In Nigeria, identity is a deeply polarizing factor in the polity. Who a person is becomes an important factor; it is that which one uses on the path to self discovery.

How do you describe yourself? What are the factors that primarily identify you?
Have a fulfilling week ahead. How important is the proof of your antecedents in the determination of who you are? Do things like tribe, race and culture have a pivotal role in your identity?

Peace, love & carrot batons.
Toodles!

Photo CreditDlrz4114 | Dreamstime.com

You probably wanna read a fancy bio? But first things first! Atoke published a book titled, +234 - An Awkward Guide to Being Nigerian. It's available on Amazon. ;)  Also available at Roving Heights bookstore. Okay, let's go on to the bio: With a Masters degree in Creative Writing from Swansea University, Atoke hopes to be known as more than just a retired foodie and a FitFam adherent. She can be reached for speechwriting, copywriting, letter writing, script writing, ghost writing  and book reviews by email – [email protected]. She tweets with the handle @atoke_ | Check out her Instagram page @atoke_ and visit her website atoke.com for more information.

43 Comments

  1. Carliforniabawlar

    February 23, 2015 at 10:21 am

    I thought of this a few days ago, and challenged myself to sum up my identity in 3words…in a couple of seconds I came up with:
    1. Christian

    2. Yoruba

    3. Engineer

    Honestly, these sum up my identity…I also stuck with these cos they were the first to come to mind.
    Now, as for proof? Well, my regenerated spirit-man, my vast knowledge of Yoruba language, culture and even religion and finally my certificate. Simpus.
    I think its always a good exercise to examine ones self…. Its easy to loose your person in this crazy fast paced world we live in…

    P.s. Hi don’t hespet heny queshun has toh why hi don’t hidentify has Nigerian….han hentity that we hare not sure will hesist tohmoro….hehehe…Olohunmaje! Lol. I reps my H-factor though!

    • Bobosteke & Lara Bian

      February 23, 2015 at 10:34 am

      Hanty, yor tone she haf dicstate dee paze of dis coversasion. What heh whay to go!

  2. Fifi

    February 23, 2015 at 11:03 am

    Im Deltan because of family but i am yoruba, because i grew up in lagos,speak and understand yoruba, date yoruba men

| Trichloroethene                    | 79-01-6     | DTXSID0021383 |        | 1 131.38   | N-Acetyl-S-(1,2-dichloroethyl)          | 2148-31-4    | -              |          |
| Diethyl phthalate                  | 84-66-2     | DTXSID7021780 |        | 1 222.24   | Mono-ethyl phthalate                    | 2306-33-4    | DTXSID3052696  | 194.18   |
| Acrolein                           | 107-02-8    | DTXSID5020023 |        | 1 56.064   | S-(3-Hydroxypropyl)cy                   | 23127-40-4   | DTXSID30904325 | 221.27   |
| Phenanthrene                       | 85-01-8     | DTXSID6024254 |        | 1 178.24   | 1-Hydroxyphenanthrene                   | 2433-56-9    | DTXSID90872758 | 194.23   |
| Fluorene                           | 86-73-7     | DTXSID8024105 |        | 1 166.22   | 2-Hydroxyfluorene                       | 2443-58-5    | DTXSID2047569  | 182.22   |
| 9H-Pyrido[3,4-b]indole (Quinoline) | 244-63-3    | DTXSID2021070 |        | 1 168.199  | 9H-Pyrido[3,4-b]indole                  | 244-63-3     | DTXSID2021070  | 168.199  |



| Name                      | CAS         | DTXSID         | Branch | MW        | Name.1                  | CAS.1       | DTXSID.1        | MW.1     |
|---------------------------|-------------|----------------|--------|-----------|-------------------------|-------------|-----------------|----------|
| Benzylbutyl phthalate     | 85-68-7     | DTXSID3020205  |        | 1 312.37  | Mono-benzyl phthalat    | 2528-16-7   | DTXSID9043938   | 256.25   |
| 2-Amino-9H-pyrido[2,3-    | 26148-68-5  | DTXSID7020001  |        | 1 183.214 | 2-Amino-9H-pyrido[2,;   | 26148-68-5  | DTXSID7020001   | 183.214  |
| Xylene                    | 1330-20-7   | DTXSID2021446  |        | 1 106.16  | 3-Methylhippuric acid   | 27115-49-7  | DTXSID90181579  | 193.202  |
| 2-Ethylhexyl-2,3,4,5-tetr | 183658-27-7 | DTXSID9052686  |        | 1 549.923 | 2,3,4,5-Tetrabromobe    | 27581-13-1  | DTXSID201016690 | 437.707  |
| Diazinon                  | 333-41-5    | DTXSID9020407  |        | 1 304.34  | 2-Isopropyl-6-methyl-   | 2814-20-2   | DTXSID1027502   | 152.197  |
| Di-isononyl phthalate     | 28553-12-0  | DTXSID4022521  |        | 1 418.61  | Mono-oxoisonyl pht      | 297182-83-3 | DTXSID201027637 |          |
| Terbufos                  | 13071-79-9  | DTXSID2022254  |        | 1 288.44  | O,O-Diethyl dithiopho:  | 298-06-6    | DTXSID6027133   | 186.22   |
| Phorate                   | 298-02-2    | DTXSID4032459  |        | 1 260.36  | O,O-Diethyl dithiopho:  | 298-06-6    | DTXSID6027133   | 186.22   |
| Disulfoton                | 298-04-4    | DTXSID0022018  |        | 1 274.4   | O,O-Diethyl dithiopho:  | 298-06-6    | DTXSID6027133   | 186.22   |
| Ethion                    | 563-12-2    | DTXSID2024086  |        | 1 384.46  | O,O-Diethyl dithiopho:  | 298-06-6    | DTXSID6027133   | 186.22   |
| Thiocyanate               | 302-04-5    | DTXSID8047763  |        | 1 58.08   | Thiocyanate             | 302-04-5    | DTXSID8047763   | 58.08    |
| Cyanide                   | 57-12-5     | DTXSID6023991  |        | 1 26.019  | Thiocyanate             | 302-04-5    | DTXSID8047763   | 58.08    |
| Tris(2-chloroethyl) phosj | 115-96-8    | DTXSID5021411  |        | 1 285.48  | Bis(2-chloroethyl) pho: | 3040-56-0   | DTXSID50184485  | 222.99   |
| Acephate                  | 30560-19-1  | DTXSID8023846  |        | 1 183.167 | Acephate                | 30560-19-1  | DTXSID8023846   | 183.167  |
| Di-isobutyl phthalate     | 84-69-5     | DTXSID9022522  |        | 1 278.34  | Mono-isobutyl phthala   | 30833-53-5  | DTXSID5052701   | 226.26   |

• aurora

      February 23, 2015 at 12:03 pm

      LOL @ date yoruba men. is identity sexually transmitted?
      ive dated igbo, yoruba and hausa men. guess that makes a a full blown Nigerian multilinguist 😀

  3. Proudly-Ibibio-Chick

    February 23, 2015 at 11:17 am

    Born and bred in Calabar but an Ibibio from Akwa Ibom following brainwashing especially by my proud Ibibio Papa. Usually I identify myself in Christ first sha LOL

  4. Ocean Beauty

    February 23, 2015 at 11:37 am

    Papa- Edo
    Mama-Igbo
    Language- English/can manage to communicate in 2 foreign languages and better pidgin English with the slangs.
    Boyfriend-European
    Location-Lagos
    Religion- Christianity
    Please make nobody cuss me because I can speak any Nigerian language. Growing up in different locations every year was tough. But I understand onye ara, were, oloshi, ozu wuru anwu.
    BN I am tired of begging you to post my comments

  5. Ocean Beauty

    February 23, 2015 at 11:38 am

    *cant

  6. Neo

    February 23, 2015 at 11:42 am

    I haven’t really thought about this, I guess for me “I am human” far above and before anything else. I haven’t been one to draw lines between patterns of identification. I think these labels just further divide an already divided humanity. I guess it had a to to do with upbringing, my street growing up was a melting pot. Igbos, Ijaws, Ogonis, Itsekiris, Yorubas, Hausa. It was when i grew up that Ikwerre Igbo was different from “main Igbo” or that Ijaws were spread into Delta, Rivers and Bayelsa. Or that if i couldn’t speak my language it meant that i did not “identify” with my people. When i would fill forms and tick State of Origin, i really didn’t get the why of it. Even getting a job, i learned about federal character.